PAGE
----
We are just days away from Thanksgiving: an annual holiday to celebrate everything that we are thankful for in our lives. Here at Bee Thinking, we have so much to be thankful for: our family and friends, of course, and also for a city that has allowed us to grow into what we are today.
But there is one last thing that we should all be thankful for: pollinators! Honeybees especially are responsible for pollinating a third of the food that we eat everyday, a difficult task considering that bee populations worldwide are struggling in the face of habitat loss, dangerous pesticide use, and disease. We have made it our mission to help protect these crucial pollinators.
As we all sit down to Thanksgiving dinner on Thursday, let’s remember the pollinators that helped make many of our Thanksgiving staples possible. Here are some examples:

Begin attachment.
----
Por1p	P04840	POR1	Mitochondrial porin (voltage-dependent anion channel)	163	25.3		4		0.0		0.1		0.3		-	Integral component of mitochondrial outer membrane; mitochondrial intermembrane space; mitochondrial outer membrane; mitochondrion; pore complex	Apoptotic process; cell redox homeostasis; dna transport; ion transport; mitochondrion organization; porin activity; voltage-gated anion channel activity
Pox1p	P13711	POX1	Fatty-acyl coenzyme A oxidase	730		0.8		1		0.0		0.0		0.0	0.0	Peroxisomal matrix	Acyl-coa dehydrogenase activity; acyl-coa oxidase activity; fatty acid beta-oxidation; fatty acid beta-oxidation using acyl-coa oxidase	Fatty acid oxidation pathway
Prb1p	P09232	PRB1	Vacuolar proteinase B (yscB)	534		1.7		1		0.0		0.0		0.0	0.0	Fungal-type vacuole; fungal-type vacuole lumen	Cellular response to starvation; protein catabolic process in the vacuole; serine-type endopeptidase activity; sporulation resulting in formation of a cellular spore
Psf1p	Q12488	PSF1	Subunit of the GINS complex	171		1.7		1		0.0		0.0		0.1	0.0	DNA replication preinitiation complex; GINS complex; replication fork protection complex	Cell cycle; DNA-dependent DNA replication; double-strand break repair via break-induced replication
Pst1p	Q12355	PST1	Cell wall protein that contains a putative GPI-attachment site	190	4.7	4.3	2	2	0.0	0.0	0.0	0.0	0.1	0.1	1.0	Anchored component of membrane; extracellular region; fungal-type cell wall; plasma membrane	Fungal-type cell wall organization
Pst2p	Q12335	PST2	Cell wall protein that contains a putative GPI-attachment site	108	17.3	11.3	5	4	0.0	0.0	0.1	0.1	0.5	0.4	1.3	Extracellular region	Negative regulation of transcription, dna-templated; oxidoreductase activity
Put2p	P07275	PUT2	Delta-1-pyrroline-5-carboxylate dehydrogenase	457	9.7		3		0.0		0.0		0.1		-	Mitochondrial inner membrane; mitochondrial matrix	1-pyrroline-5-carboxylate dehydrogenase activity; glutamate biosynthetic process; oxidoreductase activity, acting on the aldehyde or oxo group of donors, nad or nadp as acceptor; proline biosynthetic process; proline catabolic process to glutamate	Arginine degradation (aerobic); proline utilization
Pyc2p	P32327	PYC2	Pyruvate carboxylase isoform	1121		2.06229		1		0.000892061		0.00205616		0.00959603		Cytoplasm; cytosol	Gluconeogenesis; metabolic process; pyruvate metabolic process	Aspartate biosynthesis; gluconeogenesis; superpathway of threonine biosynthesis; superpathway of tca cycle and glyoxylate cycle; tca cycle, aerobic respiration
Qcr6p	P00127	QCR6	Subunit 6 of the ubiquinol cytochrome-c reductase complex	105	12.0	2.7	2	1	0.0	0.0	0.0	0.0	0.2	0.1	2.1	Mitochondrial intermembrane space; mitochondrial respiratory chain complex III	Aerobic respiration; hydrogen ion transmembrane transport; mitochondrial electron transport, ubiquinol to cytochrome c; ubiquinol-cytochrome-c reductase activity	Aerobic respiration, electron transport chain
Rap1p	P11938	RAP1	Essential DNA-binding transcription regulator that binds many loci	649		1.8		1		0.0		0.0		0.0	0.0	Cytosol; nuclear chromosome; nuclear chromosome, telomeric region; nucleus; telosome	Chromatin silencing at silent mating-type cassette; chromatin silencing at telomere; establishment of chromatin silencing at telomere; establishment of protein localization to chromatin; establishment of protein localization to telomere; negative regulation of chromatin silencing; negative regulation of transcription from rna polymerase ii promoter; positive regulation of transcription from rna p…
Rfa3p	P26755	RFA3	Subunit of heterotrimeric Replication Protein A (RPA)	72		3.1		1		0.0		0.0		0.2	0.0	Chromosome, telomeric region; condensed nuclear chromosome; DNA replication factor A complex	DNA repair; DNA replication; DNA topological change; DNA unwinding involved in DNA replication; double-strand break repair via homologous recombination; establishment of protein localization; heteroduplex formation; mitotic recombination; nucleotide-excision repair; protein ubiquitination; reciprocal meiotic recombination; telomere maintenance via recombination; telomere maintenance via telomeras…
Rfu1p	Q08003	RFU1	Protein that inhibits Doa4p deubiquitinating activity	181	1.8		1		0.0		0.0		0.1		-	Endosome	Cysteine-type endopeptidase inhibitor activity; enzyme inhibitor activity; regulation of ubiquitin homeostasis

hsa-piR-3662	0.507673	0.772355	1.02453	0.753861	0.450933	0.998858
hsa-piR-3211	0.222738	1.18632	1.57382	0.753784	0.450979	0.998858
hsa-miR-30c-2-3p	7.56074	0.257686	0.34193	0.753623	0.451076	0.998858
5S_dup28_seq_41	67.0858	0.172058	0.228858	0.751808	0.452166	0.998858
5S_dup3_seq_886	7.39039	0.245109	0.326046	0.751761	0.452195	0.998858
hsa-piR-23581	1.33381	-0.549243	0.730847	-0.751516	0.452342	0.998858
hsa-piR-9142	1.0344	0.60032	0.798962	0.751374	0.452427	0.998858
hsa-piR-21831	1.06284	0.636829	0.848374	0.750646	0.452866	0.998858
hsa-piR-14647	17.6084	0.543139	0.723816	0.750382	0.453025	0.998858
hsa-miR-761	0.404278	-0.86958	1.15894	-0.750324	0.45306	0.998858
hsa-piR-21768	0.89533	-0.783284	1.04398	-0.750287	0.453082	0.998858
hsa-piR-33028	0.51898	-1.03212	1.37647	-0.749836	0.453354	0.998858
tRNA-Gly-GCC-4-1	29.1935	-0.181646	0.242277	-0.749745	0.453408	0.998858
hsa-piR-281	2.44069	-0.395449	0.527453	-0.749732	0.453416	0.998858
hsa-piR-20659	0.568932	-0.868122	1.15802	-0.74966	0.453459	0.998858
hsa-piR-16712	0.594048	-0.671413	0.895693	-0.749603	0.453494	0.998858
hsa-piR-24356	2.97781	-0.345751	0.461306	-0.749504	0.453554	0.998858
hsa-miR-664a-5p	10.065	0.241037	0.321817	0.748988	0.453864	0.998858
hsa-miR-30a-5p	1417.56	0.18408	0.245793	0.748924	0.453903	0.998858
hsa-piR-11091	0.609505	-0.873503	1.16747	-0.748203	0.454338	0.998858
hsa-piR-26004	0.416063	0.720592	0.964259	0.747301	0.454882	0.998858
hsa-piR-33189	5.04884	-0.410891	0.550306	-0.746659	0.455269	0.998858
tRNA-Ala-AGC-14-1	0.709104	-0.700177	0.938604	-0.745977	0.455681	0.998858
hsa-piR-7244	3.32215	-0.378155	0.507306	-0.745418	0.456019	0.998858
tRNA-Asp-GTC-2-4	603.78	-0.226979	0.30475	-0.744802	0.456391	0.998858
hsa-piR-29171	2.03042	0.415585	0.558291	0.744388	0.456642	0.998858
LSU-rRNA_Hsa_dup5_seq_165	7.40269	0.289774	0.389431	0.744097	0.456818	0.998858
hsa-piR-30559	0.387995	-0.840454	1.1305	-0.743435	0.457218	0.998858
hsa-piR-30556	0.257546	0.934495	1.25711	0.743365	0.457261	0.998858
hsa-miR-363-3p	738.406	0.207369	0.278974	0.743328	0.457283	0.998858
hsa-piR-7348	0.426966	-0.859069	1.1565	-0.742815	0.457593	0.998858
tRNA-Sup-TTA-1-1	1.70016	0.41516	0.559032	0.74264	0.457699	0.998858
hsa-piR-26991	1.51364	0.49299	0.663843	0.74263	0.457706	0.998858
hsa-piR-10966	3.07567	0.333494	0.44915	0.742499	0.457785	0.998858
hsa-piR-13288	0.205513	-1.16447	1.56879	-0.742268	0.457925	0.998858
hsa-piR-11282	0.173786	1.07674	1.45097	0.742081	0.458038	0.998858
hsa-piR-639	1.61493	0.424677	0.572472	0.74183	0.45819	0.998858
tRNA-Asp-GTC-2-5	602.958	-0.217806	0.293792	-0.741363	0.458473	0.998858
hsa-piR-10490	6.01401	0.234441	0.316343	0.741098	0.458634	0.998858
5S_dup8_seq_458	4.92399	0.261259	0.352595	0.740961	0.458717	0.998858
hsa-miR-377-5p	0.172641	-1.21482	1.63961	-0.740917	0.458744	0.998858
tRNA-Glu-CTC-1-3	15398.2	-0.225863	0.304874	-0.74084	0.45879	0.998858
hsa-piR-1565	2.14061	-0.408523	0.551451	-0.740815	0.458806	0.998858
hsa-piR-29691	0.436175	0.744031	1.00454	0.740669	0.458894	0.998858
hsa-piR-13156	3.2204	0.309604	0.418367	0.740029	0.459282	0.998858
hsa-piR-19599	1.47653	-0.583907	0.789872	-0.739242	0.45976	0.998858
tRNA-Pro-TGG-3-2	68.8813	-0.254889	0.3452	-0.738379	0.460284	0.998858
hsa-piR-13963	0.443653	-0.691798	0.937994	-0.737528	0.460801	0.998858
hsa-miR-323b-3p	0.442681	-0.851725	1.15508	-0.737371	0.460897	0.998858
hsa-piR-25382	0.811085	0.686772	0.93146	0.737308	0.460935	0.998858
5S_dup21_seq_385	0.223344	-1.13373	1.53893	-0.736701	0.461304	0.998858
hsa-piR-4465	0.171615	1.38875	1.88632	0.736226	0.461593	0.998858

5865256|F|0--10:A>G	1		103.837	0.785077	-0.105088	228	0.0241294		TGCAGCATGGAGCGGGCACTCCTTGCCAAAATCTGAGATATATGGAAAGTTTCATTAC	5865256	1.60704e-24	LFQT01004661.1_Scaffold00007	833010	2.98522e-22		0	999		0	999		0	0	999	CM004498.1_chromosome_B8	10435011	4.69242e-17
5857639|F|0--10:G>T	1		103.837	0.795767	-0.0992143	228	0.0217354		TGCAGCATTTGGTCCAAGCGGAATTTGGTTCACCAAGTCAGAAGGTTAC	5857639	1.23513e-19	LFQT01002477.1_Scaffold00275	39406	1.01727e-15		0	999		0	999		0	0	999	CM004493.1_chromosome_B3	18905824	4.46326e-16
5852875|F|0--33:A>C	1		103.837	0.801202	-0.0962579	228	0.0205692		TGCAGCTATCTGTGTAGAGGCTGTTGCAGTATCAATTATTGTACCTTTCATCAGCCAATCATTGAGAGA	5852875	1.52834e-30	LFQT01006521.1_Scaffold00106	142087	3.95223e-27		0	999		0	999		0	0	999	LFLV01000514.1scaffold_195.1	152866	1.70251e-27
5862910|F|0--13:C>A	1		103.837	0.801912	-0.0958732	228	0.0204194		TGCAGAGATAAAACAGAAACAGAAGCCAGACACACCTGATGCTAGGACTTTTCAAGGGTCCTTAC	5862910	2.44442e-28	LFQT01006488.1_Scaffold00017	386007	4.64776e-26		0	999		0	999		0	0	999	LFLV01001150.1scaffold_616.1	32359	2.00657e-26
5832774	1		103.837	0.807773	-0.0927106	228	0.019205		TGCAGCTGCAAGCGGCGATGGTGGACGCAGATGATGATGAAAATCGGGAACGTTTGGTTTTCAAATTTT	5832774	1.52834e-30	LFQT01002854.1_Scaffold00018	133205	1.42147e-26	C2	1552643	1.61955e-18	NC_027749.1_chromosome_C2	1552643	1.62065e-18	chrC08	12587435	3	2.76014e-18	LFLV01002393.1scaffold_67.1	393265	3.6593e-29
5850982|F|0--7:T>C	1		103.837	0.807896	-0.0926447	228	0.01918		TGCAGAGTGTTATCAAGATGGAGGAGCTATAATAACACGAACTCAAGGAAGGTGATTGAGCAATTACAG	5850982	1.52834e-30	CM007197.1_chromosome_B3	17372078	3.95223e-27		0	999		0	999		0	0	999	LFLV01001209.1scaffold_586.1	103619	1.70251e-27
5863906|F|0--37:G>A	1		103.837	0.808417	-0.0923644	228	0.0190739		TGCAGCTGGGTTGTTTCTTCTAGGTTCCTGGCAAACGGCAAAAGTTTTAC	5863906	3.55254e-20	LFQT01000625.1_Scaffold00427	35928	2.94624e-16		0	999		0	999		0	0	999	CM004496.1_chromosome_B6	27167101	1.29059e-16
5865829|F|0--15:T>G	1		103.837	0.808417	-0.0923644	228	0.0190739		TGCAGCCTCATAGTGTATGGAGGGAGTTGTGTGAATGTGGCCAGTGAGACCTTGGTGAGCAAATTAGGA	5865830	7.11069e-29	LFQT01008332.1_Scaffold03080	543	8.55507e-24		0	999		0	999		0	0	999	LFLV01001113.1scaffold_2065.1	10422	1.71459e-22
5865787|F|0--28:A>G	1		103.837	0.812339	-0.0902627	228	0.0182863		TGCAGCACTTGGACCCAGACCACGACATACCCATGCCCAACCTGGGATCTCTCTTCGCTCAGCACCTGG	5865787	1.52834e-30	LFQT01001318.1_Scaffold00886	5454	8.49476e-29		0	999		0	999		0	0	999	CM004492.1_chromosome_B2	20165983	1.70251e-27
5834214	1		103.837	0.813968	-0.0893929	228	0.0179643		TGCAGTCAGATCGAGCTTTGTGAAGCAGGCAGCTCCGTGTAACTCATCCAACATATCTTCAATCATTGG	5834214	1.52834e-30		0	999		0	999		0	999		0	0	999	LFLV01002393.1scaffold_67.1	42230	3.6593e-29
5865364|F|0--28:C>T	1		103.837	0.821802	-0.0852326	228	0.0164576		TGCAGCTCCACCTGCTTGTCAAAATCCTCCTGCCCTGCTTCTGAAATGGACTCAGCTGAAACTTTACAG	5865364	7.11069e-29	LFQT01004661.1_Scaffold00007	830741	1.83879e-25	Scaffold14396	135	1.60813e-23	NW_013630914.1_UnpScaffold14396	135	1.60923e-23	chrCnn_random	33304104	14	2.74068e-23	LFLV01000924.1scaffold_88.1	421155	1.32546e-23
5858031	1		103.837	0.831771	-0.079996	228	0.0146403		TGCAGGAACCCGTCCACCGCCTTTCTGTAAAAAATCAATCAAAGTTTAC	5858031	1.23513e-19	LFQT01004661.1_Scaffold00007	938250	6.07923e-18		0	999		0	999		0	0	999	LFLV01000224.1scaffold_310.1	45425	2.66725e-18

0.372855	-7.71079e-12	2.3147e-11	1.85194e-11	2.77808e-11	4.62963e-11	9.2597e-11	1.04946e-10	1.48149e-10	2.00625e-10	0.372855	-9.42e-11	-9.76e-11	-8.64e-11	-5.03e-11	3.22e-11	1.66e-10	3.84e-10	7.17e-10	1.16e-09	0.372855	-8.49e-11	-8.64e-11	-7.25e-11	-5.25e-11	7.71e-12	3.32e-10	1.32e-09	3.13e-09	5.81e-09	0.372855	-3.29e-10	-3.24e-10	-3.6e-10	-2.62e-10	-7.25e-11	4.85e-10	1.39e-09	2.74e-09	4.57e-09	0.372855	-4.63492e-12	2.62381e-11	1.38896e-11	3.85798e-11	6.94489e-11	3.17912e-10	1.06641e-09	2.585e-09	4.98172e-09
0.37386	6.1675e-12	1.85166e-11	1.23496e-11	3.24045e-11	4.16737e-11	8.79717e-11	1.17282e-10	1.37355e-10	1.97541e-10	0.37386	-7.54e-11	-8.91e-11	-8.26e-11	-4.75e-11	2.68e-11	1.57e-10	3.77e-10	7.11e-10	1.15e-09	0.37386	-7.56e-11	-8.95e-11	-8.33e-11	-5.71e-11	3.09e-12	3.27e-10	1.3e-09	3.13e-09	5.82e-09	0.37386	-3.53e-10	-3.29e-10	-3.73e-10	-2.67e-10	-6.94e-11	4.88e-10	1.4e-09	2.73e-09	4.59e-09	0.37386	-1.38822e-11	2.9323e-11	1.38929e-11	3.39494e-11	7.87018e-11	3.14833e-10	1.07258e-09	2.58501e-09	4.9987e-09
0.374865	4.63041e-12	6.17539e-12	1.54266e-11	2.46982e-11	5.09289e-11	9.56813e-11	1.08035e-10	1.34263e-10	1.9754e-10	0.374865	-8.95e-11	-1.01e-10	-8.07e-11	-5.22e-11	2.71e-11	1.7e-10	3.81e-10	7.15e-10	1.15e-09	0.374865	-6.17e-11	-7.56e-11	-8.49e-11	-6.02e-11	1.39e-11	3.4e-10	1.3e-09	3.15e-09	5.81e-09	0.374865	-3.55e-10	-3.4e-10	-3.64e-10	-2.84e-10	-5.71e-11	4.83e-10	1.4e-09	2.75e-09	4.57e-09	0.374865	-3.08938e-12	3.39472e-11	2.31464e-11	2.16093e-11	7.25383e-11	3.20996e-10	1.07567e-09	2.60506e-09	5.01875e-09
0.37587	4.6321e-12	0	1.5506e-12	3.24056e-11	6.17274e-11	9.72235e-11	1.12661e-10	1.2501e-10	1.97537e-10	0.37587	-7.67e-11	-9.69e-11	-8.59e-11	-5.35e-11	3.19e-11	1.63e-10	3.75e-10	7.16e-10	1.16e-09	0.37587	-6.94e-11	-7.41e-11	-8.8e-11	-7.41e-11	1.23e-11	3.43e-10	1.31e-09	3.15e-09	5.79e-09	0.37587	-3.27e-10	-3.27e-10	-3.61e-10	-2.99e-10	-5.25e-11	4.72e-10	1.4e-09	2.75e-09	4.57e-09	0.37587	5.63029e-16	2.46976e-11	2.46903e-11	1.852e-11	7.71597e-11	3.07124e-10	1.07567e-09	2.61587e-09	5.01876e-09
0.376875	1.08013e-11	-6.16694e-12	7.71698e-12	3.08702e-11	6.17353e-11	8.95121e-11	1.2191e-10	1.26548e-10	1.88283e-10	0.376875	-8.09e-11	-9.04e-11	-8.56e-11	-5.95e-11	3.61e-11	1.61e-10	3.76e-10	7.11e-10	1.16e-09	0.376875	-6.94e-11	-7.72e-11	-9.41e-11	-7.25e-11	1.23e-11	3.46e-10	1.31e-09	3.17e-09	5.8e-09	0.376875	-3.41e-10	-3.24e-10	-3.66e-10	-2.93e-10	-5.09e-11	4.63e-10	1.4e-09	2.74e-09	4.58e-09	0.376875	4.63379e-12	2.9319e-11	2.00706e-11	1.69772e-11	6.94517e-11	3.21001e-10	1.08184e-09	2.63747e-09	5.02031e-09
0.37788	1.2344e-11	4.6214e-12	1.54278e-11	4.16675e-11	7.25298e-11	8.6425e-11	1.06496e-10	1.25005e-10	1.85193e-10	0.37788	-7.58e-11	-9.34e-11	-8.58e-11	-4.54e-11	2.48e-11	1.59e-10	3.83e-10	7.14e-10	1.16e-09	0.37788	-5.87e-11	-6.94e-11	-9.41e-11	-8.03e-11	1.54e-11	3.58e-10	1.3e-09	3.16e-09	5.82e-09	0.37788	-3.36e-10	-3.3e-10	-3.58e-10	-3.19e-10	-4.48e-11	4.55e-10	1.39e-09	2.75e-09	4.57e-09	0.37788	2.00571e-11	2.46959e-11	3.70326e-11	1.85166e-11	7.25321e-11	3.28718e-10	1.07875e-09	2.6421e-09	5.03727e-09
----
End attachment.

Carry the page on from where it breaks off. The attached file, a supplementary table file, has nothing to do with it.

Cranberries: It just wouldn’t be Thanksgiving without cranberry sauce! Cranberries also rely on honeybees, bumble bees, and leafcutter bees for pollination.
Apples: Whether you’re looking to bake them into a pie or add them to your stuffing, apples are a crowd favorite. They also rely heavily on pollination by honeybees, Orchard Mason bees, bumble bees, and sweat bees.
Pumpkin and other squashes: Is there any other way to end your Thanksgiving feast than with a slice of pumpkin pie by the fire? Pumpkins (and all squash) are heavily pollinated by squash bees and honeybees.
Root vegetables like beets, carrots, and potatoes: Classic Thanksgiving root vegetables like beets, carrots, and potatoes are pollinated by different types of bees.
Don’t forget that you can also use the holiday to educate those around you! As you sit around the table with your family and friends, talk about why bees are important and how you can help struggling populations. If you are a beekeeper yourself, you might even be able to convince others to join you!
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